There’s been plenty of reaction across the net this week in response to a daft NYT article that begins “Men invented the internet”. At BoingBoing, Xeni is rightly outraged at the way the article is written, and in response comes up with plenty of examples of the contributions women have made to the development of computing. Throughout the resulting thread, many commentators chip in with more examples. Occasionally a (male) commentator shows up and tries to narrow down the definition of “invented the internet” to show that, yes, it was a man who invented some crucial piece of technology that makes it work. These comments are very revealing of a particular (male!) mindset towards technology and invention.
The central problem in the discussion seems to have been missed entirely. The real problem word in that opening sentence isn’t the word “men”, it’s the word “invented”. The internet is an incredibly complex socio-technical system. The notion that any one person (or any small group of people) invented it is ludicrous. Over a period of decades, the various technologies, protocols and conventions that make the internet work gradually evolved, through the efforts of a huge number of people (men and women), through a remarkable open design process. The people engaged in this endeavour had to invent new social processes for sharing and testing design ideas and getting feedback (for example, the RFC). It was these social processes, as much as any piece of technology, that made the internet possible.
But we should go further, because the concept of “invented” is even more problematic. If you study how any modern device came to be, the idea that there is a unique point in space and time that can be called its “invention” is really just a fiction. Henry Petroski does a great job of demonstrating this, through his histories of every day objects such as pencils, cutlery, and so on. The technologies we rely on today all passed though a long history of evolution in the same way. Each new form is a variant of ones that have gone before, created to respond to a perceived flaw in its predecessors. Some of these new variants are barely different from others, others represent larger modifications. Many of these modifications are worse than the original, some are better for specific purposes (and hence may start a new niche), and occasionally a more generally useful improvement is made.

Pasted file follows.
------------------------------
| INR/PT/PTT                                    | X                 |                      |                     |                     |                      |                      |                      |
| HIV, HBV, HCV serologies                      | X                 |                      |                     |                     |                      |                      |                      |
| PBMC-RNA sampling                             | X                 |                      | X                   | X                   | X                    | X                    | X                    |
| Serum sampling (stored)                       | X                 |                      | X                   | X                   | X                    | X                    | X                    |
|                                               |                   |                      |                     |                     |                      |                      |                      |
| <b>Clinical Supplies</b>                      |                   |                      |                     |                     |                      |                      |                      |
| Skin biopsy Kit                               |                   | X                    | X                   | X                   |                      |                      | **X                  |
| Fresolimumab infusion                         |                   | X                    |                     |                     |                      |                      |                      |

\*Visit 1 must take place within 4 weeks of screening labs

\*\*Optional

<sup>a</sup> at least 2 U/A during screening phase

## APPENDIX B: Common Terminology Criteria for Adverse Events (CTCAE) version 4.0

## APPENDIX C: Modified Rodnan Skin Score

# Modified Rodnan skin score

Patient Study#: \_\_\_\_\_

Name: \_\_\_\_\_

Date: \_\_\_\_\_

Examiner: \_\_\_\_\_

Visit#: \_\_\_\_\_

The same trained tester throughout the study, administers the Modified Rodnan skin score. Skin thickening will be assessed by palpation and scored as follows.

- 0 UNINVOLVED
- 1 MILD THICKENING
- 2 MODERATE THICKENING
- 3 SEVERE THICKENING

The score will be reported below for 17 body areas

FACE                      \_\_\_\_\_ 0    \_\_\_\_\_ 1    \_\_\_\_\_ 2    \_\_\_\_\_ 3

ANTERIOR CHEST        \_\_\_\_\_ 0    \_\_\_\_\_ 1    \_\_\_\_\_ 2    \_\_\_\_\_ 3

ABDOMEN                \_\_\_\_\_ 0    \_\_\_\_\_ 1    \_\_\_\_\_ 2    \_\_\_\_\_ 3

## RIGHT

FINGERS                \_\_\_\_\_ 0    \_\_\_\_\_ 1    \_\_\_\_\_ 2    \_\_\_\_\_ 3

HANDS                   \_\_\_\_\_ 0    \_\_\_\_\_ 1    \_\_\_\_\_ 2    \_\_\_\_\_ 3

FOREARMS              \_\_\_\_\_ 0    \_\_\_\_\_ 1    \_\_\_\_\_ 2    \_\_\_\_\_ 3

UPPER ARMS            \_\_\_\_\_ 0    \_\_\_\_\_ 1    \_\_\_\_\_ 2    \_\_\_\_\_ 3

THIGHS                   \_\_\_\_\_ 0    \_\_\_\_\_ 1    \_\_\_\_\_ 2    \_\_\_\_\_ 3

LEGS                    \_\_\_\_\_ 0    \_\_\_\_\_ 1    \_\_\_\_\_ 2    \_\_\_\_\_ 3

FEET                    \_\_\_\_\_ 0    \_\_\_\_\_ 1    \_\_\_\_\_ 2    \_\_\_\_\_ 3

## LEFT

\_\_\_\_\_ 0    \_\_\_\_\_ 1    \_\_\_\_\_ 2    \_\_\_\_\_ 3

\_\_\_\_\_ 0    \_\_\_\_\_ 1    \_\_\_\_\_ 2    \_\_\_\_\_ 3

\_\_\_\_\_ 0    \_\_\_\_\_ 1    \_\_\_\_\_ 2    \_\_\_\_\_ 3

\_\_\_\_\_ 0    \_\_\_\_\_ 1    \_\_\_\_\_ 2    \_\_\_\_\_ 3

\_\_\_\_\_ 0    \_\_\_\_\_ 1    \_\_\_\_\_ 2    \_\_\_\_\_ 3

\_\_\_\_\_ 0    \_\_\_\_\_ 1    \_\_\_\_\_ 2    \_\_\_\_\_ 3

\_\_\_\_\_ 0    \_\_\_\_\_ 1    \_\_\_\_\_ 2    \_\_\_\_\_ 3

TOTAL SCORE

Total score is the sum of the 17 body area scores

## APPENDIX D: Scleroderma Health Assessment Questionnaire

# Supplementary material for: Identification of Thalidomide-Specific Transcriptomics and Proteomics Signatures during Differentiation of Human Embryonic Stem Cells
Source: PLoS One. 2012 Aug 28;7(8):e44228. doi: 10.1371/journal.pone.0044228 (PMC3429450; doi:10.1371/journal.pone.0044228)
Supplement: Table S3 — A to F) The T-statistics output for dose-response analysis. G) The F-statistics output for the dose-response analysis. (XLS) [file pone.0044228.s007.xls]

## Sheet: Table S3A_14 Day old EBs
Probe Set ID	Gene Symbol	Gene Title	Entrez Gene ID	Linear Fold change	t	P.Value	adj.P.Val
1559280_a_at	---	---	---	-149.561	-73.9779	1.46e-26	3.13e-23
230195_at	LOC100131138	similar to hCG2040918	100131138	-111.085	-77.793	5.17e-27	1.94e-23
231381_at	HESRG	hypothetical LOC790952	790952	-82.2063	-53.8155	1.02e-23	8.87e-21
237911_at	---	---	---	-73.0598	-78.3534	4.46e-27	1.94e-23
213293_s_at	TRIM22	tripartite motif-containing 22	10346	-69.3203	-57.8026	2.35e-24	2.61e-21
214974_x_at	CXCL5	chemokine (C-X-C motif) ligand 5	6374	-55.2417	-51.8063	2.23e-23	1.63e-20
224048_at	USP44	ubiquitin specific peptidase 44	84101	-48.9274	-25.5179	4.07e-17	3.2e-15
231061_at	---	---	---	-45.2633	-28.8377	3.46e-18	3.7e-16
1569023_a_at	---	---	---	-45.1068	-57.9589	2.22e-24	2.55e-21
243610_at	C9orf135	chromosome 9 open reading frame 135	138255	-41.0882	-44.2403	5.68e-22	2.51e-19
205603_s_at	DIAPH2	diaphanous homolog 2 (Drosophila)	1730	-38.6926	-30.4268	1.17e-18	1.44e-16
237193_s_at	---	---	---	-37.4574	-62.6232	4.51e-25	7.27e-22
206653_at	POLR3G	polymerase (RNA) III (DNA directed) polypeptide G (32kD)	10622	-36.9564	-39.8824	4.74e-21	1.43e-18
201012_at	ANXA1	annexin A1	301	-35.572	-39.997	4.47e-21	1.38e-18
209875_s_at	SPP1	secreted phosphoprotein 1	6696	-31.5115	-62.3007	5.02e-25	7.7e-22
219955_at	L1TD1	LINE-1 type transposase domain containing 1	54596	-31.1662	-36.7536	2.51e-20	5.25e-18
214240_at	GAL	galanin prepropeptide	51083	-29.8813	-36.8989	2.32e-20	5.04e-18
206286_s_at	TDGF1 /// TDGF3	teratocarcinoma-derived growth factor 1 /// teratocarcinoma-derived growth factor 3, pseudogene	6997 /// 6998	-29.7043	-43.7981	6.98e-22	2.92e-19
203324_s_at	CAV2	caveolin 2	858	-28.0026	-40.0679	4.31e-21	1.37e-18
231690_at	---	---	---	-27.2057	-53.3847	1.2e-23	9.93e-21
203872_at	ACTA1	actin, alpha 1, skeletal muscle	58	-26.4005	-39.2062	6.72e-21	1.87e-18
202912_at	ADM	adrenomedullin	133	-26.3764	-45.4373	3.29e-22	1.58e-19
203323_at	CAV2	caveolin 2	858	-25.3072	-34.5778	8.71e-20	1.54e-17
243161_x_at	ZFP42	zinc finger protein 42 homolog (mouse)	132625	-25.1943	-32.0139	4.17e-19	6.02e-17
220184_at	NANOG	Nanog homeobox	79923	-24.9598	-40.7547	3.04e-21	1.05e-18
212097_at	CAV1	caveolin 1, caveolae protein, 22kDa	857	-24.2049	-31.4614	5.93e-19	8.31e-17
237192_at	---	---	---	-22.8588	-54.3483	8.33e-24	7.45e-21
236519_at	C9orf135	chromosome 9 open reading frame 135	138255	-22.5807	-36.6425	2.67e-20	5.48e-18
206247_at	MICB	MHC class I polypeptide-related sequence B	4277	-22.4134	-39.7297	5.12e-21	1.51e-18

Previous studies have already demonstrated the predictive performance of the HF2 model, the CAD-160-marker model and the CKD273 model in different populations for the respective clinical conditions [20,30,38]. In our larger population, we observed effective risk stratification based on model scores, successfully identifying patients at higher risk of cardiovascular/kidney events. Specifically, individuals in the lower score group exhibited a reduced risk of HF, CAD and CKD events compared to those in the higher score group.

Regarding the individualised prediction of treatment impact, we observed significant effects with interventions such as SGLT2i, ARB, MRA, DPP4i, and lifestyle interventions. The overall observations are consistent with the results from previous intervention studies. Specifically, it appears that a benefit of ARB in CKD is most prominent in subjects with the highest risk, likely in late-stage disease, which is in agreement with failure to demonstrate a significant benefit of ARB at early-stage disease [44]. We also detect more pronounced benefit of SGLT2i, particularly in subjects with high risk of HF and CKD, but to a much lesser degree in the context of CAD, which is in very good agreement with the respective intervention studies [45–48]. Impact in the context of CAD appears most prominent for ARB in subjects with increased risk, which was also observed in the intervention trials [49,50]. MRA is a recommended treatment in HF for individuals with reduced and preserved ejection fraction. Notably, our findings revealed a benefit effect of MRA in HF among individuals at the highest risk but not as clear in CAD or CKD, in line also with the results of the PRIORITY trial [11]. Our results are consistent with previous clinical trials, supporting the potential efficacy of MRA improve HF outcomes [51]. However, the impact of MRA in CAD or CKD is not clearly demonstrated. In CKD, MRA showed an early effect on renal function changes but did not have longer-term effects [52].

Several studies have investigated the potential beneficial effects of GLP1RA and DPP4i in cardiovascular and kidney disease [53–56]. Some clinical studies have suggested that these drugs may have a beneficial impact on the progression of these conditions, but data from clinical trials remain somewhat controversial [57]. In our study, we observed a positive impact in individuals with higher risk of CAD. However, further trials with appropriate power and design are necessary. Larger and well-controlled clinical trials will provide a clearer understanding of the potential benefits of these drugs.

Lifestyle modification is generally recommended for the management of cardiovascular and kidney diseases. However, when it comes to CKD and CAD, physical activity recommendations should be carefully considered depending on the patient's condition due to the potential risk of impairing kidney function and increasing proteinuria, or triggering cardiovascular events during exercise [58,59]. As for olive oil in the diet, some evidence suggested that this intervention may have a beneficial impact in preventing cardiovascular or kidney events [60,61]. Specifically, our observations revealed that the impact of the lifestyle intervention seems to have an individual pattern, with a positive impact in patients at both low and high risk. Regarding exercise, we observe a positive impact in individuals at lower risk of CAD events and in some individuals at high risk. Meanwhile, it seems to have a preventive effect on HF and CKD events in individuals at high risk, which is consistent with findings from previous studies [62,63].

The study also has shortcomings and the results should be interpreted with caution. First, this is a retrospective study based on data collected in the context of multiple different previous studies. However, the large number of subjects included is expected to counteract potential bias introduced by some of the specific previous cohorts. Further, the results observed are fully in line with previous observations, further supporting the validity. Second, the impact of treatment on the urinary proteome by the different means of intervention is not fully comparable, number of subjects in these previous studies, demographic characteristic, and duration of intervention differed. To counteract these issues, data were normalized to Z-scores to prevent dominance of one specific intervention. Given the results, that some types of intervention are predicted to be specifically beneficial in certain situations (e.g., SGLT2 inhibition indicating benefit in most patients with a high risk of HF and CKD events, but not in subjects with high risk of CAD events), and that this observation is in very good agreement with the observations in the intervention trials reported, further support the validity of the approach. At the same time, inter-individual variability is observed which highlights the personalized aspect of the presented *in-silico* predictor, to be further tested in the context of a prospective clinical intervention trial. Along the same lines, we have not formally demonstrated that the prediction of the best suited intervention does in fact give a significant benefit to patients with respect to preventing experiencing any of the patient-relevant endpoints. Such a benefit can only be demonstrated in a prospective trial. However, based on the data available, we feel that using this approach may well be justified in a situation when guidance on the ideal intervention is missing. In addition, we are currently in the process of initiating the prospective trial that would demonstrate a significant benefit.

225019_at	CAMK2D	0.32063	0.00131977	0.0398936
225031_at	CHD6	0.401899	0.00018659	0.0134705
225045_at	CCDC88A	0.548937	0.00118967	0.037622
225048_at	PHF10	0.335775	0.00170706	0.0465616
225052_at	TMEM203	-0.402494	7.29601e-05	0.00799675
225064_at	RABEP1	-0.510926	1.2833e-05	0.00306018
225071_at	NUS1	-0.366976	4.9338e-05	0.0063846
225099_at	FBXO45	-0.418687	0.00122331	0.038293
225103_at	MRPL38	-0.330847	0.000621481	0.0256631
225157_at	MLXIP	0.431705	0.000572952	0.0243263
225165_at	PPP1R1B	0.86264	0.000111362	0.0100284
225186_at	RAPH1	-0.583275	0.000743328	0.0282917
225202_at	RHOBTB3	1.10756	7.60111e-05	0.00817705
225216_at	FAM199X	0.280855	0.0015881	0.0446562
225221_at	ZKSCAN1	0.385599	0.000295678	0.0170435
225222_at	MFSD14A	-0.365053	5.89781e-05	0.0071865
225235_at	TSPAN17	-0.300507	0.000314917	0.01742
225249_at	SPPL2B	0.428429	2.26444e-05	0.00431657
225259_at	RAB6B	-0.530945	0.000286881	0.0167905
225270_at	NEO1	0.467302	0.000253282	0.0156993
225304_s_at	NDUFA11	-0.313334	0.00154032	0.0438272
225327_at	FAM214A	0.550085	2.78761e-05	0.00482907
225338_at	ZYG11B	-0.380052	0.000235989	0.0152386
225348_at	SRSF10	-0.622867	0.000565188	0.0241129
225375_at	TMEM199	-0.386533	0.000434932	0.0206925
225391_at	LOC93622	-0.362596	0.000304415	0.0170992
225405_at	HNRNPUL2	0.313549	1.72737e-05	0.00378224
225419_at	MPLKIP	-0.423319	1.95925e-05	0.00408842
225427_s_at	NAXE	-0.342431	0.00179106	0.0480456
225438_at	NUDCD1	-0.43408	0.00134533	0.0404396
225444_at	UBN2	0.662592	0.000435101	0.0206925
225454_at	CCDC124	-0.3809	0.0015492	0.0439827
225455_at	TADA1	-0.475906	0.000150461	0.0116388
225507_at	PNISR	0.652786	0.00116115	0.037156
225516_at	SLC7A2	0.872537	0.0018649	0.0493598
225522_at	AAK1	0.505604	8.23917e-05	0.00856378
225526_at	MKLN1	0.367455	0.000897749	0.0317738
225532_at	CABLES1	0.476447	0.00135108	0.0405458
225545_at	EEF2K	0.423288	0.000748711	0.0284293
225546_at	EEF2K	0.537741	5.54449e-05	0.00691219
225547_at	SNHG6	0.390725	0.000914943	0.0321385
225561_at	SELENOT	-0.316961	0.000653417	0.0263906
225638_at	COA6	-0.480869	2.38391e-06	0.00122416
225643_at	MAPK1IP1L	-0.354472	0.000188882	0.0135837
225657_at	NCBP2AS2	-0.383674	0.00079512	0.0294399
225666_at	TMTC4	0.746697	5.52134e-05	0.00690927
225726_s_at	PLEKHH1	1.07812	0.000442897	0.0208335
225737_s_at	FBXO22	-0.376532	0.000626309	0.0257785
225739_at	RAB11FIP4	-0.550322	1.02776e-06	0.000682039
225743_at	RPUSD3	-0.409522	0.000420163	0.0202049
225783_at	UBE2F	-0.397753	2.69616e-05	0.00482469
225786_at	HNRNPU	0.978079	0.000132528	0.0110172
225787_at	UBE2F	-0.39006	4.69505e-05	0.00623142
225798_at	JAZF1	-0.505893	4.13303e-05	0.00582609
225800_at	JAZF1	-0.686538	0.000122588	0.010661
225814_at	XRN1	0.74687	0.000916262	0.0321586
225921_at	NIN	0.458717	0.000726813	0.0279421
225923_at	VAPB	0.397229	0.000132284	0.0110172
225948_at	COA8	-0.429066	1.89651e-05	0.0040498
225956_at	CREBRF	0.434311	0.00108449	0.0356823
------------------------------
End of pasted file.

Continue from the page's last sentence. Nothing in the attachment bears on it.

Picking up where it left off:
The act of pointing to these occasional, larger modifications, and choosing to label them as “the birth of the modern X”, or the “first X”, or “the invention of X”, is a purely a social construct. We do it because we’re anchored in the present, seeing only the outcomes of these evolutionary processes, and we make the same mistake that creationists make, of being unable to conceive of the huge variety of intermediate forms that came before, and the massive process of trial and error that selected a particular form to survive and prosper. And, through continued operation of that bias, we’ve been conditioned to think in terms of unique moments of “invention” (often accompanied by a caricature of the lonely inventor working late at night in the lab).
And one of the biggest differences between men and women, in terms of social behaviour, is that men tend to boast about their successes and identify winners, while women tend to acknowledge group contributions and downplay their own efforts. So it’s hardly surprising that our history books are more full of male “inventors” than female inventors – the very idea of looking for a unique person to call the “inventor” is largely a male concept. Not only that, but it’s overwhelmingly a rich white guys’ way of looking at the world. The rich and powerful get to make decisions about who gets the credit for stuff. Not surprisingly, rich and powerful white men tend to pick other white men to designate as the “inventor”, and marginalize the contributions of others, no matter who else contributed to the idea during its gestation.